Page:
by Tabitha Barbé

Deciding when to get a cellphone for teens and preteens is often a chief concern for parents. While phones have changed how we learn and communicate, studies show they can have adverse effects on childhood health. The following cellphone safety tips can help you keep the lines of communication open with your kids while keeping them safe.  

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Why cellphones might not be safe for teens and tweens

They may negatively impact mental health.

Cellphone exposure may affect behavior in children, and the American Academy of Pediatrics advises no more than two hours a day on all electronic devices. A 2017 study indicates that time using new media, such as smartphones, led to a higher rate of depression symptoms, including suicide.

Safe driving decreases when teens have phones.

Teens are at risk for distracted driving. If your teen is driving, remind them to use hands-free devices, wait to respond to texts, or take a moment to safely pull over to check their phone if they need to.

Remember to set a good example. According to Common Sense Media, 59 percent of parents feel their teens have an addiction to their device, and 28 percent of teens share that feeling about their parents’ device usage. The same report showed that 56 percent of parents admit to checking mobile devices while driving, and 51 percent of teens notice.

There’s a possibility of increased cancer risk.

Phones release a type of radiation known as Radio Frequency-Electromagnetic Radiation (RF-EMR), also called RF. The International Agency for Research on Cancer (IARC) has classified RF radiation as a “possible human carcinogen.”

Research suggests people using phones before the age of 20 are at a higher risk of brain tumors compared to those who started using them as adults because developing brains are vulnerable to electromagnetic frequencies (EMF). However, it could take years before enough conclusive long-term studies exist, according to the National Center for Health Research.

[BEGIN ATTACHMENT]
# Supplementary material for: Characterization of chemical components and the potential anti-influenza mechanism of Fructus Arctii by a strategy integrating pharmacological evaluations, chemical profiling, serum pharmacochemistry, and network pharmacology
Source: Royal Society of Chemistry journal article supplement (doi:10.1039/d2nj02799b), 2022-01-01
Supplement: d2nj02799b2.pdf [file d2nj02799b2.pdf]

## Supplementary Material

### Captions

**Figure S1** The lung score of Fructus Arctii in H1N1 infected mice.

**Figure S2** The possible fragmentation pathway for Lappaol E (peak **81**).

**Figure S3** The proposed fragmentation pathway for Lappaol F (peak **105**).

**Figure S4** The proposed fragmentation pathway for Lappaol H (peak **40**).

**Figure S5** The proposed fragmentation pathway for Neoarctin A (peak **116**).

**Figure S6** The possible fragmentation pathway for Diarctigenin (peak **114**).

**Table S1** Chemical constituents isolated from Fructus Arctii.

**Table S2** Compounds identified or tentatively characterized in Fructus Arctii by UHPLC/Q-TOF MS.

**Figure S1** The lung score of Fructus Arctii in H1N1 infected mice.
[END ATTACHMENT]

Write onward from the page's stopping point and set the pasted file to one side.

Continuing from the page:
Predators could try to communicate with your child.

Predators may reach out to your child. Although sextortion (a form of child sexual exploitation where children are threatened or blackmailed) and other cybercrimes are on the rise, many go unreported simply because of embarrassment. Let your teens and tweens know that it’s safe to talk to their parents or a trusted adult such as a pediatrician or teacher if they’re in an uncomfortable or unsafe situation online.

Cellphone safety tips

Follow these tips to help keep your digital native safe.

  1. Use airplane mode when possible, to prevent radiation exposure.
  2. Make it a habit to use the speakerphone setting.
  3. Turn off the Wi-Fi router at bedtime.
  4. Set up parental controls as you deem appropriate.
  5. Check the safe distance for your phone’s RF.
  6. Explain what to do if a predator reaches out or someone makes them uncomfortable.
  7. Go over texts, apps, and passcodes.
  8. Remember that some apps, such as certain fake “calculator” apps, may not be what they seem.
  9. Establish strict car phone usage rules, such as placing the phone out of reach when driving.

Remember, even if your teen or preteen already has a phone, it’s not too late to establish new boundaries.